In August, the National Labor Relations Board (NLRB) ruled that companies using temporary workers are considered “joint employers” of those workers and share responsibility with staffing agencies for liabilities regarding them. In addition, unionized temporary workers have the right to bargain with the parent company as well as the agency. The ruling reverses decades of precedent defining who an employer is under the National Labor Relations Act.
It could have a major impact on manufacturers, which use temporary workers more than you might think. According to the Census Bureau, manufacturers paid $32 billion to temporary workers in 2013, or 5.3 percent of their total payroll. In comparison, manufacturers spent $27 billion on temps in 2011, or 4.8 percent of total payroll.
It’s hard to say how many temps are employed in actual production, since the Labor Department doesn’t count them as part of the manufacturing workforce. However, an April 2015 study by the Commerce Department estimates that temps fill 8 to 10 percent of production jobs in manufacturing.
The NLRB ruling involved a Browning-Ferris Industries recycling facility in California with about 60 unionized permanent employees, who mostly work off site, and 240 temporary employees, who work on-site sorting material. The Teamsters union argued that Browning-Ferris should be considered an employer of the temps and subject to bargaining along with their staffing agency, Leadpoint Business Services.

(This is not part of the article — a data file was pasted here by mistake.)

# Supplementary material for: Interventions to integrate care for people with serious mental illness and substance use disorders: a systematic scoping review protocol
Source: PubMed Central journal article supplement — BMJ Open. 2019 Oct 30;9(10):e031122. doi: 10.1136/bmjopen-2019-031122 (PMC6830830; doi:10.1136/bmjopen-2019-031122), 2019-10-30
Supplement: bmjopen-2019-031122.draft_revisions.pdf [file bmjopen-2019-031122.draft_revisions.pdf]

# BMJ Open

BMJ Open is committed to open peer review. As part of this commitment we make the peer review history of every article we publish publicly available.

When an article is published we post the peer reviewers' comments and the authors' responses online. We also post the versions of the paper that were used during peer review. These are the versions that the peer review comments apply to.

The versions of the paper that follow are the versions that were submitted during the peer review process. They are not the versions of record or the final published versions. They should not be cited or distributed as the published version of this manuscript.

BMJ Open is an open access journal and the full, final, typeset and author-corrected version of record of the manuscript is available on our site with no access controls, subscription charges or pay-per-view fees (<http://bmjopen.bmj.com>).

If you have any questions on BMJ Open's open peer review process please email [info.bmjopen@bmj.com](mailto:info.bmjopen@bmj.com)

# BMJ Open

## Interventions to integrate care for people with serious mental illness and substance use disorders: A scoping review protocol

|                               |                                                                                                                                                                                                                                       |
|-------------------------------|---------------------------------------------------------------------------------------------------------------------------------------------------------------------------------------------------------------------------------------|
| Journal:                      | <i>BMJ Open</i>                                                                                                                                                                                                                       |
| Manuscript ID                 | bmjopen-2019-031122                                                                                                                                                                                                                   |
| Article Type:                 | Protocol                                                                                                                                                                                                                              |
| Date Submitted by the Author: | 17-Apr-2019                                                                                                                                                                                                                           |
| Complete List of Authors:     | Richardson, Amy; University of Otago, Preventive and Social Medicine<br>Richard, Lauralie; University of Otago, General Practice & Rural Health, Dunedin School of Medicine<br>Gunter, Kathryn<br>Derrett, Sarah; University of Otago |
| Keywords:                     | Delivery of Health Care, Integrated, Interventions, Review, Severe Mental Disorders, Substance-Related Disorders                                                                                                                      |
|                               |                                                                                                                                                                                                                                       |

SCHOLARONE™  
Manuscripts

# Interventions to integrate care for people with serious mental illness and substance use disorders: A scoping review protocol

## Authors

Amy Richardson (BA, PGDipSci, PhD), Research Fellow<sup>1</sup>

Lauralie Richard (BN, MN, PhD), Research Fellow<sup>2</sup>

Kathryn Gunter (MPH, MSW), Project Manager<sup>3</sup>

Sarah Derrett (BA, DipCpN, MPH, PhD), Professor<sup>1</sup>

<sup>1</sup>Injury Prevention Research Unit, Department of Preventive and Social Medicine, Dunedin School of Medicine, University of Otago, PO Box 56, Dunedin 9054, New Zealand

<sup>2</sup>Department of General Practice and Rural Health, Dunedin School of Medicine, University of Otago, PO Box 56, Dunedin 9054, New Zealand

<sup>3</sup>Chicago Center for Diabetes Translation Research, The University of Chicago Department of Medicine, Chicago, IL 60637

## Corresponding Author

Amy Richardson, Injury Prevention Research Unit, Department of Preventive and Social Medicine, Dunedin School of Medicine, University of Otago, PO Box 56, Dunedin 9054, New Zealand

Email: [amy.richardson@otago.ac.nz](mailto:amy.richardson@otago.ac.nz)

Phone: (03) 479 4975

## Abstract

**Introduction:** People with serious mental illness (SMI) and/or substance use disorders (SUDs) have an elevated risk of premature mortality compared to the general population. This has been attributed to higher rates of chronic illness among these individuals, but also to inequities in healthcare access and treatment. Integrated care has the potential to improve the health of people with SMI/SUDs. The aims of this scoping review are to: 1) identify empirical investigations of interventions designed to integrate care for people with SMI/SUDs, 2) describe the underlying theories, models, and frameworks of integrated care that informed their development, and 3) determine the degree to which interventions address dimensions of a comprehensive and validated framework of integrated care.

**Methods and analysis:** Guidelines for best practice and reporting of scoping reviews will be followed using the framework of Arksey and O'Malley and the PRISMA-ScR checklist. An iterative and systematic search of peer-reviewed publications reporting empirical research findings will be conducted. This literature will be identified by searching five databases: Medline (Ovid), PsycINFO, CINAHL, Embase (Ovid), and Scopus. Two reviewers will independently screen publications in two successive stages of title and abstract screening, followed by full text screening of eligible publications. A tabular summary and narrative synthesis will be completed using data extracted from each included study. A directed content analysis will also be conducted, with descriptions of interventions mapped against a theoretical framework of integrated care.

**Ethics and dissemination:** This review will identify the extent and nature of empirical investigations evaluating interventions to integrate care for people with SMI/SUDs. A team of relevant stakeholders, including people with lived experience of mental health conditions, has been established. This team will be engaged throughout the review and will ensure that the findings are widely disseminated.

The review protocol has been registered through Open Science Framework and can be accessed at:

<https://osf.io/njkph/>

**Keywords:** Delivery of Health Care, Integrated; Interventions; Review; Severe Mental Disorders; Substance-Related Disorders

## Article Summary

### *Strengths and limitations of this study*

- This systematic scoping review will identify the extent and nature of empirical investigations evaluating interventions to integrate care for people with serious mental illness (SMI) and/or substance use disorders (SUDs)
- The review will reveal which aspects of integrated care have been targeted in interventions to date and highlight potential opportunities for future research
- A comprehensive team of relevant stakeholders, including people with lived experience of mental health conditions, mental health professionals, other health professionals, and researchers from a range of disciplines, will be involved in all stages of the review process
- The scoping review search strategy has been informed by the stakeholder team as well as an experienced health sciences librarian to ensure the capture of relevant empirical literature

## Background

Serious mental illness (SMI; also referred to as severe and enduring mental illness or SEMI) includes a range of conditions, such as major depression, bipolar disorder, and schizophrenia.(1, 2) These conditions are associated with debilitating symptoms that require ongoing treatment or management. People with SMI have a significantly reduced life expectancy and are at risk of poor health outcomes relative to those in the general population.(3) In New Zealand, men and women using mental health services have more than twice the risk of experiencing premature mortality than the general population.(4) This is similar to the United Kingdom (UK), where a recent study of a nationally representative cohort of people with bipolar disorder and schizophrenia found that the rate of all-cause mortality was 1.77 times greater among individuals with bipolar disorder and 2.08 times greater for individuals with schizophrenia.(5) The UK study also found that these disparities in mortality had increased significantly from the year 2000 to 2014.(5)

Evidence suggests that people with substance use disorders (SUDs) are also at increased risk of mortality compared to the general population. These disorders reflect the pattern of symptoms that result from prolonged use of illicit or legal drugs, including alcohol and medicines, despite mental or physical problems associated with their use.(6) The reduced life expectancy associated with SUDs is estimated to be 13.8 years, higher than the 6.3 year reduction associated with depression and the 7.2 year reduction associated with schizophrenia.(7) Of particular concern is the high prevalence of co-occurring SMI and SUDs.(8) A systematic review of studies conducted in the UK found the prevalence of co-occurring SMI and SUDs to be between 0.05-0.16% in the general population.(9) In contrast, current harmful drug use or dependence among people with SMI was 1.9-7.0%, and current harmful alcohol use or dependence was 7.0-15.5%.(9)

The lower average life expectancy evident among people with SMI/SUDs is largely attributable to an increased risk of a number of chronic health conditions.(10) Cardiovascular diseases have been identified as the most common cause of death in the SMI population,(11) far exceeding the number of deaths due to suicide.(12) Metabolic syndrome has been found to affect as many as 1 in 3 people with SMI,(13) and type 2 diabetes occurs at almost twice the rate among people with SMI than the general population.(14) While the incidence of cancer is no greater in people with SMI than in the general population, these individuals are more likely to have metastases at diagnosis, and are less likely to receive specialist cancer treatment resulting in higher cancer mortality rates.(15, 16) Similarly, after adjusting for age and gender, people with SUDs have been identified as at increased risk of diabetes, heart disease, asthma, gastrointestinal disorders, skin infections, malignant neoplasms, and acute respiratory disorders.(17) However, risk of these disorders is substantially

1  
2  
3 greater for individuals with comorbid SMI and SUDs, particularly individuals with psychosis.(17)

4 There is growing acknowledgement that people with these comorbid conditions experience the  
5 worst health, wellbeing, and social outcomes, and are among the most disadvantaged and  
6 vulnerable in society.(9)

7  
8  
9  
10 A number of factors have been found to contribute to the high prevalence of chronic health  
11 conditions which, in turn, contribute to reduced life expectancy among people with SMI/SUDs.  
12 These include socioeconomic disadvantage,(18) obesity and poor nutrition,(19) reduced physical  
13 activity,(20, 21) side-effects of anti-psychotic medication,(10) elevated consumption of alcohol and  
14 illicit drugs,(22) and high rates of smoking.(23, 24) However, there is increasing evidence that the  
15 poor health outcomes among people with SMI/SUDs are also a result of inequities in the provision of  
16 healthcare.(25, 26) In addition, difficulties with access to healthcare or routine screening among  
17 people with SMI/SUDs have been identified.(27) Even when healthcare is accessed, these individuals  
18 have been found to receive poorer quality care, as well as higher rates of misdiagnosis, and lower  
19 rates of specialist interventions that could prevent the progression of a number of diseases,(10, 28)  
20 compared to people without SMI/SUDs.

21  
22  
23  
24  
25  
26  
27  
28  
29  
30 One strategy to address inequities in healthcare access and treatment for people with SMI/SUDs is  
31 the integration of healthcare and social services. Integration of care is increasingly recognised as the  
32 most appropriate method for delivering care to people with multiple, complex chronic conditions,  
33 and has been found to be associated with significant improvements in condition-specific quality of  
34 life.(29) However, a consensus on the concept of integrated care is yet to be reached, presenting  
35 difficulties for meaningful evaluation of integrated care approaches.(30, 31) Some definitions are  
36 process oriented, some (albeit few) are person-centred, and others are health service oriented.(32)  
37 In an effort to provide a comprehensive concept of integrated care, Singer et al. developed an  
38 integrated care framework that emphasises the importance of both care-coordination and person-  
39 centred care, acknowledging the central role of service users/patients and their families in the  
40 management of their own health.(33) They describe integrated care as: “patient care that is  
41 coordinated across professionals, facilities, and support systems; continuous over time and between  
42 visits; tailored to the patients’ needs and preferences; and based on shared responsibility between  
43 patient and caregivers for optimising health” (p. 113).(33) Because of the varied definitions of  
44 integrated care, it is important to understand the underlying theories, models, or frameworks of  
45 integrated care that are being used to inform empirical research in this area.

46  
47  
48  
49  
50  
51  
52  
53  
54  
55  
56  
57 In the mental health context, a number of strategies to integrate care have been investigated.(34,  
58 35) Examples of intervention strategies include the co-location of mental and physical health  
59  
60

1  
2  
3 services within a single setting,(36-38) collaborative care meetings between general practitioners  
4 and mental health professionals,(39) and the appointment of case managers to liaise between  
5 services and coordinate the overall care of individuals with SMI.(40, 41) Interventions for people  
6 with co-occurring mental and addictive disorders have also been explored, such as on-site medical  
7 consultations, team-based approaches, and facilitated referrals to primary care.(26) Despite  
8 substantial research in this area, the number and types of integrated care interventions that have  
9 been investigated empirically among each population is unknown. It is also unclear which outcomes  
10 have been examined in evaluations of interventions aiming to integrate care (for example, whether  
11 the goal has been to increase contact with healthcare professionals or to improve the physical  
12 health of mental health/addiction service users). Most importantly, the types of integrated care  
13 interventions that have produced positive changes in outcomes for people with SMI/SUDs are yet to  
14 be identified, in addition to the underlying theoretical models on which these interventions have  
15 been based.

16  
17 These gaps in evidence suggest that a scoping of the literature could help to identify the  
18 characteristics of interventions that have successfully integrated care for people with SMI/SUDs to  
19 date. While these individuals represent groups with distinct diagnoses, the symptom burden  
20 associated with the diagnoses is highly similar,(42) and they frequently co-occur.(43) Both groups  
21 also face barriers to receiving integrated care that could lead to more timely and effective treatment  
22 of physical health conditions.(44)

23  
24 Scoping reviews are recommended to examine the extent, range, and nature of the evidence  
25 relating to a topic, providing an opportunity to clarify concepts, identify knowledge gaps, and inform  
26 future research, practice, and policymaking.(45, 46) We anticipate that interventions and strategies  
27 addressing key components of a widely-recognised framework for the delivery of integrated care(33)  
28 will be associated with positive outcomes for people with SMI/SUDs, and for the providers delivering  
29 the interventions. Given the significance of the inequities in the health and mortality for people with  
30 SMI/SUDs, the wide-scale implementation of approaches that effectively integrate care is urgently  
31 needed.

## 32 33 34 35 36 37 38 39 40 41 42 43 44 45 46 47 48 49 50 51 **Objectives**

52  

In a reversal of previous rulings, the NLRB agreed. Since 1984, the board had maintained that companies were only responsible for employees who were under their direct control. Without the power to set hours, wages or job responsibilities, companies could not be held responsible for the labor practices of the contractors.
Now, the board has had second thoughts. Indeed, the board said its previous definition of “joint employer” was “increasingly out of step” with “changing economic circumstances, particularly the recent dramatic growth in contingent employment relationships.”
The board therefore decided to go back to its pre-1984 definition: Companies need not exercise their control to be considered joint employers—they need only have the authority to make decisions over those employees.
“Today’s decision is a loss for manufacturers, employers and employees,” says Linda Kelly, senior vice president and general counsel for the National Association of Manufacturers. “The joint employer definition has worked for more than three decades with…no evidence that workers have been denied their rights.”
Manufacturers that rely heavily on temps would be well-advised to review their contracts with staffing agencies. They may even want to replace temps with permanent hires. If such manufacturers are now considered joint employers, they could be held jointly liable for unfair labor practices. They could also find themselves bargaining with a union even as they’re negotiating with a staffing agency for its services.